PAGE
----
In the short time that Jimmy Carter has been in the White House, the percentage of Americans who see him as a liberal has declined, while the percentage who now believe that he is middle-of-the-road or conservative has sharply increased.
Last year, on the eve of the election, 30 per cent of the public believed Carter was a liberal. Now, no more than 15 per cent feel the same way, according to the latest survey of 1,625 adults. During the same period, the percentage who view him as a middle-of-the-roader has jumped to 41 per cent from 32 per cent and the percentage who consider him conservative has risen to 26 per cent from 17.
To a lesser extent, the same trend has taken place in the public's perception of Vice President Mondale. The percentage of those who feel he is a liberal has diminished to 19 per cent from 33 per cent while the percentage who believe he is a middle-of-the-roader has gone up to 26 per cent from 23 per cent, and the percentage who view him as a conservative has risen to 15 per cent from 11 per cent.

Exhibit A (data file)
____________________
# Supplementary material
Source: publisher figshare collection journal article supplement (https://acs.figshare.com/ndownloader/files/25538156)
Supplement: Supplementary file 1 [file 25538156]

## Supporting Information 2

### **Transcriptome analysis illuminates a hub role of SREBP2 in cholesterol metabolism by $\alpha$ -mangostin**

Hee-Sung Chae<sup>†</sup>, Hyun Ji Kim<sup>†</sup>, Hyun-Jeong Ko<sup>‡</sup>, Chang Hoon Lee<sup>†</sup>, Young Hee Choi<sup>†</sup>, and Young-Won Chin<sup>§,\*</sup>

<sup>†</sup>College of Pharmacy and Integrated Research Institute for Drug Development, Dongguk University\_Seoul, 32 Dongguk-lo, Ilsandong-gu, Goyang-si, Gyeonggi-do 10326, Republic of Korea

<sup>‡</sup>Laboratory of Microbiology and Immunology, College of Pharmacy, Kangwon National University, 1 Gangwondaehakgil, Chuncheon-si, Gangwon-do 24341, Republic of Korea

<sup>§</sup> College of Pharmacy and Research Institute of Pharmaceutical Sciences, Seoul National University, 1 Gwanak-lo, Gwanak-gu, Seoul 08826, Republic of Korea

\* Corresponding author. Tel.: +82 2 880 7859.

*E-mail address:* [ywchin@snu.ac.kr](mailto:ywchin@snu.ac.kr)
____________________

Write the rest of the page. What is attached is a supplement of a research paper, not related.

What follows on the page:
In the case of Mondale, those uncertain of his political views has also gone up to 37 per cent from 30 per cent, reflecting the relatively low profile that the Vice President has maintained. Of those who feel they can identify his political stance, 30 per cent now see him as liberal, marking a continuing decline from the 6 to 10 who felt that way when Mondale was first picked for the vice presidency.
Despite the overall shifts in perception of the President's position on the political spectrum, Carter maintains his knack of being all things to all men. Conservative continue to think of him as conservative, middle-of-the-roaders consider him one of their own, and liberals see him as liberal.
For example, among people who identify themselves as conservatives, 47 per cent feel that Mr. Carter is a conservative, while no more than 26 per cent of the total public does. The some pattern holds true for selfdescribed liberals and moderates.